Yoga found me during my junior year of college were I was over-working, over-stressing, and over-running. I somehow found myself in a Vinyasa yoga class because it seemed to be gaining popularity and I figured I would give it a shot. After realizing how far away my toes actually were in a forward fold and trembling/shaking my way through my first pigeon, I realized that this "yoga thing" was no joke. As my perfectionist self, I was determined to get better at all of these poses and get into a headstand just as effortlessly as the girl on the mat in front of me. With time and lots of sweat, the poses because easier, but the most enlightening part was that my life did as well. All of the stress and work and fears and worries somehow left me when I came into those four walls and simply found a way to let go and be in the moment- working hard, yet accepting where I was all at the same time.
Six years later, yoga is a part of my life and I carry my yoga breath with me everywhere I go. I enjoy teaching others not only the correct postures, but enjoy seeing them leave with a smile on their face and a calm in their spirits that wasn't present at the beginning of class. I love bringing laughter, smiles, and challenge into my classes and look forward to making students feel at ease in our time together!
Melissa Wolak instructs the following:
Steady (slow flow)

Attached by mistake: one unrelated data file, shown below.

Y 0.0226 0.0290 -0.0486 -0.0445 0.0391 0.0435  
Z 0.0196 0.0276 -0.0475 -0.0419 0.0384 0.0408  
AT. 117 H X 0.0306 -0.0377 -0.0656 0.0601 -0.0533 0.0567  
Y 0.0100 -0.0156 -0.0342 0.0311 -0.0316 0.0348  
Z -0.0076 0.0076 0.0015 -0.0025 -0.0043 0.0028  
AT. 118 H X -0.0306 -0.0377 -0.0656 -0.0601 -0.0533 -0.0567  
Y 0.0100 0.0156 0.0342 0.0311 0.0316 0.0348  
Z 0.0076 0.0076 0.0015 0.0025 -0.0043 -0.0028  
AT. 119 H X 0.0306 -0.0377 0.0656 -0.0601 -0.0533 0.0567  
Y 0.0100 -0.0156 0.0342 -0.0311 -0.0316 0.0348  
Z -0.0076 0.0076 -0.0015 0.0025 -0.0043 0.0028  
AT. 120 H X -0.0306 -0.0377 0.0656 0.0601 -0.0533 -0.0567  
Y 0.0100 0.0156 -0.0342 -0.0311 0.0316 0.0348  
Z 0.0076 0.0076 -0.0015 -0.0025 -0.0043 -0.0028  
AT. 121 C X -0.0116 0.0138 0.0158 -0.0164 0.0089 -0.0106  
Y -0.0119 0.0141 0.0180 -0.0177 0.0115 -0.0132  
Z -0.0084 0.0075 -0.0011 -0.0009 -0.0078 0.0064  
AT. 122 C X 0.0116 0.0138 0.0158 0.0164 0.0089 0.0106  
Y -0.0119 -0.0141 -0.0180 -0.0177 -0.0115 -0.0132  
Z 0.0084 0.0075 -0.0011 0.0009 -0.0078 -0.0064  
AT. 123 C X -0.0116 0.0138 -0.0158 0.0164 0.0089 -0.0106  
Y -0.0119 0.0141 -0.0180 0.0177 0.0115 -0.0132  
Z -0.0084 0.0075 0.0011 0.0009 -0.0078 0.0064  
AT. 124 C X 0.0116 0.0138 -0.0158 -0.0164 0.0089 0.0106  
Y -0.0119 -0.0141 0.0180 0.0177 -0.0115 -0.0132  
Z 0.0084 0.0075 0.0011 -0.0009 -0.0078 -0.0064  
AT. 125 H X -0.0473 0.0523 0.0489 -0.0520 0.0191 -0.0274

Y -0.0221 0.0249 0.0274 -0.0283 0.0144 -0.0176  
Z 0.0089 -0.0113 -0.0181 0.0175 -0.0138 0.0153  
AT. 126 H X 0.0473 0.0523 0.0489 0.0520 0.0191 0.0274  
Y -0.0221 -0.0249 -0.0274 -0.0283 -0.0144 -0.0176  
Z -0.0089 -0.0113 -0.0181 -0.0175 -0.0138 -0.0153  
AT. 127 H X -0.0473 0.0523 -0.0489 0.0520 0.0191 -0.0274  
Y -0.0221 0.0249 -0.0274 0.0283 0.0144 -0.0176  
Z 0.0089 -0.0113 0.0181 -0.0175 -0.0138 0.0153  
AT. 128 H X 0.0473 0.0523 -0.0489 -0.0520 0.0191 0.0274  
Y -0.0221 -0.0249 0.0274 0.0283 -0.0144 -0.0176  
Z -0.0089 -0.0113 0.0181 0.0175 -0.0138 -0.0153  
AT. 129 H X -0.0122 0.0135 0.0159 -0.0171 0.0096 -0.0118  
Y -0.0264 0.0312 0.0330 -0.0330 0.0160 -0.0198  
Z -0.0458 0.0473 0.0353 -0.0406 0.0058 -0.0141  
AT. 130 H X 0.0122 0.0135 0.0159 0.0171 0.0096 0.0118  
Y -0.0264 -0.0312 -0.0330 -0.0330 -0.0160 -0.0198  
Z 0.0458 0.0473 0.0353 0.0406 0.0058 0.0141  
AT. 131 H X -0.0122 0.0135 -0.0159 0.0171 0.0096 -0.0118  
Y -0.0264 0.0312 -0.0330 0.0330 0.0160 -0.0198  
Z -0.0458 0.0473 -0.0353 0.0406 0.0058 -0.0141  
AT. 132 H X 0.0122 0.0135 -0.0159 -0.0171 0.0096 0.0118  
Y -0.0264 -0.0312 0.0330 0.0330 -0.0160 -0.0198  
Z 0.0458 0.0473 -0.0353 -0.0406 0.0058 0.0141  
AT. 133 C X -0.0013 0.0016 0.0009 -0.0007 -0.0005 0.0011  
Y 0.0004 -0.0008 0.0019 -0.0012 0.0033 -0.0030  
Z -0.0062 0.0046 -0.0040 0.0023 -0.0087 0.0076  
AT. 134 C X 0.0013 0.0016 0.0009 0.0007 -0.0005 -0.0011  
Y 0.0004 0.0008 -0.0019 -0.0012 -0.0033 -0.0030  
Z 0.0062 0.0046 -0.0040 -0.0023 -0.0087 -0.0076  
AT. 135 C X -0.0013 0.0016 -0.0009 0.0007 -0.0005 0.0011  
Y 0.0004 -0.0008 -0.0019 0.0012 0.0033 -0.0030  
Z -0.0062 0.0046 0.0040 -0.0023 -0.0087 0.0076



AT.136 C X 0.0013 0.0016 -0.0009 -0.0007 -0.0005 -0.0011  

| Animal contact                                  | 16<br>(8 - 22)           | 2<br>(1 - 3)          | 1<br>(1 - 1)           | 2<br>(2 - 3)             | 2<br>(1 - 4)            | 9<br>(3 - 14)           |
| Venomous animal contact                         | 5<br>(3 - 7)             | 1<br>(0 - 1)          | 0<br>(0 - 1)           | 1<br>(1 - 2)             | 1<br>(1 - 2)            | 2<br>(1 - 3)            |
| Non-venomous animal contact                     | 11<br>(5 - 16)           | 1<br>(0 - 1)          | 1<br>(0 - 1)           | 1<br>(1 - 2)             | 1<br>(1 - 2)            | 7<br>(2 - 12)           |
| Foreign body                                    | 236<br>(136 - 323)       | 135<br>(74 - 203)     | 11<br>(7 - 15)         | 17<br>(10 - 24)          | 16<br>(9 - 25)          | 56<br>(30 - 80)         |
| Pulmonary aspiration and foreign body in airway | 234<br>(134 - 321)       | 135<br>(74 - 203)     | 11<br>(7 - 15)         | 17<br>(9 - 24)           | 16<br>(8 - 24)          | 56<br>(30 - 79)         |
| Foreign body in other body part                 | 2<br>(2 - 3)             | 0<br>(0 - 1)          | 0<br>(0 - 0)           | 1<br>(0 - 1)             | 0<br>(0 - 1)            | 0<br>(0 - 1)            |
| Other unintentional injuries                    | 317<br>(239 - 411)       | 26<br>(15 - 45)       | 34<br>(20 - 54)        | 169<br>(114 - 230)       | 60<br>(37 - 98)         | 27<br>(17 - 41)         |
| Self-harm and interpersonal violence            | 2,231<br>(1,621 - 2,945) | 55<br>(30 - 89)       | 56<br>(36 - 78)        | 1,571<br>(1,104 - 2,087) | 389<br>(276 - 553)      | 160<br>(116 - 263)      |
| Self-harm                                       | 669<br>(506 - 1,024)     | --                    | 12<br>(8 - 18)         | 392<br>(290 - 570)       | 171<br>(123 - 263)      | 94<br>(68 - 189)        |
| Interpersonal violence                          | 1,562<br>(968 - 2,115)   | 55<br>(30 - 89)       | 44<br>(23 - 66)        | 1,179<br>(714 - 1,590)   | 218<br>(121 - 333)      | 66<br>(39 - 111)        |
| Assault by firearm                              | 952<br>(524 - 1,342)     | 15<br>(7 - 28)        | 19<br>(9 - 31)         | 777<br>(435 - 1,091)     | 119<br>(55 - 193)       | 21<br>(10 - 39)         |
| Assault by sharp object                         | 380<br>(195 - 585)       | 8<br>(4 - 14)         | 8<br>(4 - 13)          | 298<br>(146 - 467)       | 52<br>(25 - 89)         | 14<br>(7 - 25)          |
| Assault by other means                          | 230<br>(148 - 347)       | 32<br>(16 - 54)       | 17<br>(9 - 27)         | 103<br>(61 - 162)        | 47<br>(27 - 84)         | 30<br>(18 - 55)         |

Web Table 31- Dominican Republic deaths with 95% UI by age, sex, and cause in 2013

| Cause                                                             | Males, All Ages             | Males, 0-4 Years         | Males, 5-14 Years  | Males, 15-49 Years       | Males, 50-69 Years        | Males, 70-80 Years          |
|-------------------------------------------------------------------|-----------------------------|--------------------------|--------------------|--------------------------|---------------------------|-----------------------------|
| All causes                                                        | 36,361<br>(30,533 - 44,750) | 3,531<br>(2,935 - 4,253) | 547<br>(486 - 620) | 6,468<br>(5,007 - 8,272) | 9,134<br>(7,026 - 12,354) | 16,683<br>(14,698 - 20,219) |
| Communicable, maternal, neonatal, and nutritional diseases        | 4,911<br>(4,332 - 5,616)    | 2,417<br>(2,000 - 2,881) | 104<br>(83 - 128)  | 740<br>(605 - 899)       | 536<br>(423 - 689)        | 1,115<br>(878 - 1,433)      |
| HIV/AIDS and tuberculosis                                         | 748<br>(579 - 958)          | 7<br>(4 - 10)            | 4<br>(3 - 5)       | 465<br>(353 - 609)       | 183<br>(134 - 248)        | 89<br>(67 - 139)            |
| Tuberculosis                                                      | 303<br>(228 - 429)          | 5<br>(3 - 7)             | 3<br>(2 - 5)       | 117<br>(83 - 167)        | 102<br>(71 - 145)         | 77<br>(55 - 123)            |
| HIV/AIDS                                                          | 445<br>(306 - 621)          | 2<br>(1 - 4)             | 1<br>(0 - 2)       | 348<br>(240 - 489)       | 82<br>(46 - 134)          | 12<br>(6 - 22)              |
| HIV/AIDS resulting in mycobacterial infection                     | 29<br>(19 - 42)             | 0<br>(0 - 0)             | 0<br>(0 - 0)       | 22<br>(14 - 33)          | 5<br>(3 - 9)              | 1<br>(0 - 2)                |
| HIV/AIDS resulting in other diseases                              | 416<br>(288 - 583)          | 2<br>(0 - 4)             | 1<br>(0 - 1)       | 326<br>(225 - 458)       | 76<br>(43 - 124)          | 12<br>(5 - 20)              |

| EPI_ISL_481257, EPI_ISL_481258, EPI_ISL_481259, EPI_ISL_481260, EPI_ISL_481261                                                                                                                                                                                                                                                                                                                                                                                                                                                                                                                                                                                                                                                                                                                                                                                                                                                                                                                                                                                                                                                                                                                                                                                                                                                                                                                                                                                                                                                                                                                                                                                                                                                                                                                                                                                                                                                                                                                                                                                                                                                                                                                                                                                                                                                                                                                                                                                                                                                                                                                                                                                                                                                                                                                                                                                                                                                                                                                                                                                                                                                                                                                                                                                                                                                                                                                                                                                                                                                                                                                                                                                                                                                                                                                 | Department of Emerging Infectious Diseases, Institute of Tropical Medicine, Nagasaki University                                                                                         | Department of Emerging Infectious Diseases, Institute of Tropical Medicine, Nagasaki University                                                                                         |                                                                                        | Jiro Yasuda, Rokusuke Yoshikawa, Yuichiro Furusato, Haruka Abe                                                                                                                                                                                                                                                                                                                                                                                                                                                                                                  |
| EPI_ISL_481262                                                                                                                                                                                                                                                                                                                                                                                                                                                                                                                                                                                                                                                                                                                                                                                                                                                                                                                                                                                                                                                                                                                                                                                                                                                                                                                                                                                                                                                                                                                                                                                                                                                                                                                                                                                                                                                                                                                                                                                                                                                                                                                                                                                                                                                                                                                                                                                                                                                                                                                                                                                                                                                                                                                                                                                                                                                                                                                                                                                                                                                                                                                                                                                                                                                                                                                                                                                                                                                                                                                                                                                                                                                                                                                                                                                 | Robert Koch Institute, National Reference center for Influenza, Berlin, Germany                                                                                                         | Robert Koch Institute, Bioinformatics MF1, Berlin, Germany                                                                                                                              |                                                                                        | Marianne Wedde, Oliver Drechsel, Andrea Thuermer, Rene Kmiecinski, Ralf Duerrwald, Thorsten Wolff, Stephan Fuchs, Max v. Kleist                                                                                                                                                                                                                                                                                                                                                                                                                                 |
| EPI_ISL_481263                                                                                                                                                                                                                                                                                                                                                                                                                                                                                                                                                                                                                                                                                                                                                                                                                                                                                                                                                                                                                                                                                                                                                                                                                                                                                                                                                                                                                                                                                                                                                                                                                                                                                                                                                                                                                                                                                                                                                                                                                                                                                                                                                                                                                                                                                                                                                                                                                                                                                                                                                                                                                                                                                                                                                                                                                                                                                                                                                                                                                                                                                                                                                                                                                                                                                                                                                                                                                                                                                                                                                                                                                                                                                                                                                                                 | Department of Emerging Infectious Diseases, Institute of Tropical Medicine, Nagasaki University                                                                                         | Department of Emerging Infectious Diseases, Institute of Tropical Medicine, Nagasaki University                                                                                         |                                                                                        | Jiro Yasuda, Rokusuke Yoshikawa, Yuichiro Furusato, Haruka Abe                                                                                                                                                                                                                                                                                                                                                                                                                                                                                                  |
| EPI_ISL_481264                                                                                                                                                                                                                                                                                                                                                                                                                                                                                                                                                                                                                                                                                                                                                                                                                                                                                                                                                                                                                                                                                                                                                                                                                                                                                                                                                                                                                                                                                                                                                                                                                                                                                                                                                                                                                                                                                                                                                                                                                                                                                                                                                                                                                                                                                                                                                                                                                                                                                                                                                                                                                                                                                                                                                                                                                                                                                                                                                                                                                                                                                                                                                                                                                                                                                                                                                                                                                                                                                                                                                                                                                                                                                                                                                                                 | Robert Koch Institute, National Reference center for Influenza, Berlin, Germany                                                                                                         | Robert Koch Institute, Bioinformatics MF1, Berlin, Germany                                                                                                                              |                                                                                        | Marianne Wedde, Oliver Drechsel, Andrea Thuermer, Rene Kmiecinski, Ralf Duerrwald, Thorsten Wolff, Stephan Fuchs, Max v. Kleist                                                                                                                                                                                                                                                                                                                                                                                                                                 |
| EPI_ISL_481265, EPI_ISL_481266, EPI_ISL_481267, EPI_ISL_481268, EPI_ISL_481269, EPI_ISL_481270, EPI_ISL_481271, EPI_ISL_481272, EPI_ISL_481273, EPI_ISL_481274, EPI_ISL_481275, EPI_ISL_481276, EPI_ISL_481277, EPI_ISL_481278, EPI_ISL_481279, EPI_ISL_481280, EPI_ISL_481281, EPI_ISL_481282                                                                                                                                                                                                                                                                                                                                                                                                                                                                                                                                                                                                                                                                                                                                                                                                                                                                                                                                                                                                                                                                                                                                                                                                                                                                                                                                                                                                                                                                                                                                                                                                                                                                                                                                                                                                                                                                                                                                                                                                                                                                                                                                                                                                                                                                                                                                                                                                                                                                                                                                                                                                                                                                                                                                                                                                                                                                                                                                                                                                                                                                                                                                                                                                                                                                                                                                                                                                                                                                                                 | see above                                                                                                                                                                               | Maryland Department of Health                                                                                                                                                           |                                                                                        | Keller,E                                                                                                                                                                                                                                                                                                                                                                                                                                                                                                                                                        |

Our slow-burn hatha style is a fully guided foundation-building slow grounded flow.Most forms of yoga in the West can be classified as Hatha Yoga. Hatha simply refers to the practice of physical yoga postures, meaning your Ashtanga, vinyasa, Iyengar and Power Yoga classes are all Hatha Yoga. Focused on going deeper into the breath, you are encouraged to keep your eyes closed on this inward journey, enhancing the ability to pay attention to feelings, and relax into your body even in periods of discomfort. Working to build endurance, we explore the balance of effort and ease using slower, cumulatively deeper pose sequences with longer holds designed to engage and strengthen not only the major muscle groups but to functionally integrate the entire body. In this slower yet challenging practice, within the boundaries and framework of personal individual expression, "everybody" is presented the opportunity to articulate both breath and posture. A longer Savasana rests and restores body and the mind.